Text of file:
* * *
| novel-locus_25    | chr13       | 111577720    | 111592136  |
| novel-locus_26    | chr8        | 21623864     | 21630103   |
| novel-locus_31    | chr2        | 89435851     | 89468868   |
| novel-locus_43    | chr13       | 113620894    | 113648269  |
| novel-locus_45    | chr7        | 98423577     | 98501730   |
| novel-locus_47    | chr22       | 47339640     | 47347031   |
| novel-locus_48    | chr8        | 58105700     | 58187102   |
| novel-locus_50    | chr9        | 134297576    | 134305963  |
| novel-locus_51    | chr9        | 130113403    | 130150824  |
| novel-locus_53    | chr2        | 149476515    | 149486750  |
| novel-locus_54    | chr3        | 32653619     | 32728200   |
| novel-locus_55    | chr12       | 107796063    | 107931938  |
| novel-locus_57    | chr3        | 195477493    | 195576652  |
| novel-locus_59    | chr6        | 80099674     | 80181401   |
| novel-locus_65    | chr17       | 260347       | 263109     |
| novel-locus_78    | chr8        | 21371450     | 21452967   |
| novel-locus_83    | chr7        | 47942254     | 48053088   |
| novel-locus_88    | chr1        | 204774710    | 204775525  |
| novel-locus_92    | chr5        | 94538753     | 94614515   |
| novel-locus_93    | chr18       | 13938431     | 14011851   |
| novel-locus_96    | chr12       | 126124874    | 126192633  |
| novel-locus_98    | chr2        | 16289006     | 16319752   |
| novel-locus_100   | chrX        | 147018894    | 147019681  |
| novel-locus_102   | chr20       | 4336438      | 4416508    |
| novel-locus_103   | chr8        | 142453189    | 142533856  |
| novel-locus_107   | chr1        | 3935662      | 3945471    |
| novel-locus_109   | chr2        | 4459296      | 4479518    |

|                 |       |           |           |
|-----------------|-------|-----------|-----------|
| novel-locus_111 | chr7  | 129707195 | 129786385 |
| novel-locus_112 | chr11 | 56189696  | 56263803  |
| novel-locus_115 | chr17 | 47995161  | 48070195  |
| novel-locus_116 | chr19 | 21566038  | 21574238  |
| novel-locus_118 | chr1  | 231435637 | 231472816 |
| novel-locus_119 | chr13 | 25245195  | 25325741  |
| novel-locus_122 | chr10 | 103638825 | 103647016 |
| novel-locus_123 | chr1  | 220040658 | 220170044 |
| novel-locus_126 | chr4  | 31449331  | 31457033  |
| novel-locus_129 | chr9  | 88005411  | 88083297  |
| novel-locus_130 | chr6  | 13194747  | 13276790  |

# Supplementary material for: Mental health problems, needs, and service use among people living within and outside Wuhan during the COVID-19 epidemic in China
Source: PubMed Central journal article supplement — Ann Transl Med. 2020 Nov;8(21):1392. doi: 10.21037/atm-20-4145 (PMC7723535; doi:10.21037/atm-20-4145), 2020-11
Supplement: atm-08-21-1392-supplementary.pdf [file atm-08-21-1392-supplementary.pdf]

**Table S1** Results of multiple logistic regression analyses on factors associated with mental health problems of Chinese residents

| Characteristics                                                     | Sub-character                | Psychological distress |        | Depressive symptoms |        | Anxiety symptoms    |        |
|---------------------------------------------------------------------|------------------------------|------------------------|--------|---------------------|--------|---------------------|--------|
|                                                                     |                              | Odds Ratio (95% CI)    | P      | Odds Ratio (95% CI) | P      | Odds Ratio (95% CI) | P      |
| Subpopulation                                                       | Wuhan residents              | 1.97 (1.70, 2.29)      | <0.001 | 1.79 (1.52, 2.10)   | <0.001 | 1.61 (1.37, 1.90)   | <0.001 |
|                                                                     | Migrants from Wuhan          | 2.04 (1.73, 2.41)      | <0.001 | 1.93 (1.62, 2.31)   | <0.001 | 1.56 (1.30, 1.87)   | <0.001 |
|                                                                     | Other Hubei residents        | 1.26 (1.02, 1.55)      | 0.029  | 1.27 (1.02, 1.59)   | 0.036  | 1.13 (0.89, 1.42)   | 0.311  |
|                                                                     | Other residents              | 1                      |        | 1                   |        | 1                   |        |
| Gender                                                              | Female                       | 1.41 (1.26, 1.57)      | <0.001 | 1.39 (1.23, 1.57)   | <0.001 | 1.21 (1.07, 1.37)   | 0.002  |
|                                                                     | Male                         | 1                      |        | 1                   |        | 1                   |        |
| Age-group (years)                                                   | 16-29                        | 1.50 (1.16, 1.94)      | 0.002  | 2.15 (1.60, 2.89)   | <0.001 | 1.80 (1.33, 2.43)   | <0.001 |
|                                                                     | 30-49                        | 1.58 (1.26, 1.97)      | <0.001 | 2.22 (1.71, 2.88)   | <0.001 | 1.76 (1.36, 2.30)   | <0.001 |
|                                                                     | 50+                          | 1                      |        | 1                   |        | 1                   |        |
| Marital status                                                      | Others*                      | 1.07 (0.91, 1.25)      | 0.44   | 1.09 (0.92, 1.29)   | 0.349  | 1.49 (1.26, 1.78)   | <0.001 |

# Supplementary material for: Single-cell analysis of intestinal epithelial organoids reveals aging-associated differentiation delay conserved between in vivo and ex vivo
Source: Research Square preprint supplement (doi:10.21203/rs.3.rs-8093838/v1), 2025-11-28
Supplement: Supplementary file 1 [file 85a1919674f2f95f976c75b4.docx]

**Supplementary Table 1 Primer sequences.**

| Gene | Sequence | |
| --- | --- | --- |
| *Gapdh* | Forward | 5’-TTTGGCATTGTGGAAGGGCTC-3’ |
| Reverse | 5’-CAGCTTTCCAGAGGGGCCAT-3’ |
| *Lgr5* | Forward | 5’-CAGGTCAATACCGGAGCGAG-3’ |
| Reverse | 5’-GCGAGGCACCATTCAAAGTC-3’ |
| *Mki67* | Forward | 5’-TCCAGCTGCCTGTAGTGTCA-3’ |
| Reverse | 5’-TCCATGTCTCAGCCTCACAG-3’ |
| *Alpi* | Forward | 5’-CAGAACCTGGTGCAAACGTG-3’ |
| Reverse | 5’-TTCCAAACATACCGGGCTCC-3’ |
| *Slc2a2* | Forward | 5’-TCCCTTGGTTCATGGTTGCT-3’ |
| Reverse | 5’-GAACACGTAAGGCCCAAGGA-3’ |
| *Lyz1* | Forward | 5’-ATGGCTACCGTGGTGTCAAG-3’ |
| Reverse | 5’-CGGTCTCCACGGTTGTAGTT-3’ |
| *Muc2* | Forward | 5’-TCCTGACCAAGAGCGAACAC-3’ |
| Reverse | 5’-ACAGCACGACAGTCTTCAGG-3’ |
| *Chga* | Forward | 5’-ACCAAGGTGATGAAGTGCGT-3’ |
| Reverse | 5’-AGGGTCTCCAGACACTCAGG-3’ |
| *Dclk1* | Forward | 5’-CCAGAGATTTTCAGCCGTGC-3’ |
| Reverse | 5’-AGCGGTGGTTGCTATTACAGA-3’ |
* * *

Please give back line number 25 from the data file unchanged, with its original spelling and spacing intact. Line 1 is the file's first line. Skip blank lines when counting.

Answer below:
| novel-locus_103   | chr8        | 142453189    | 142533856  |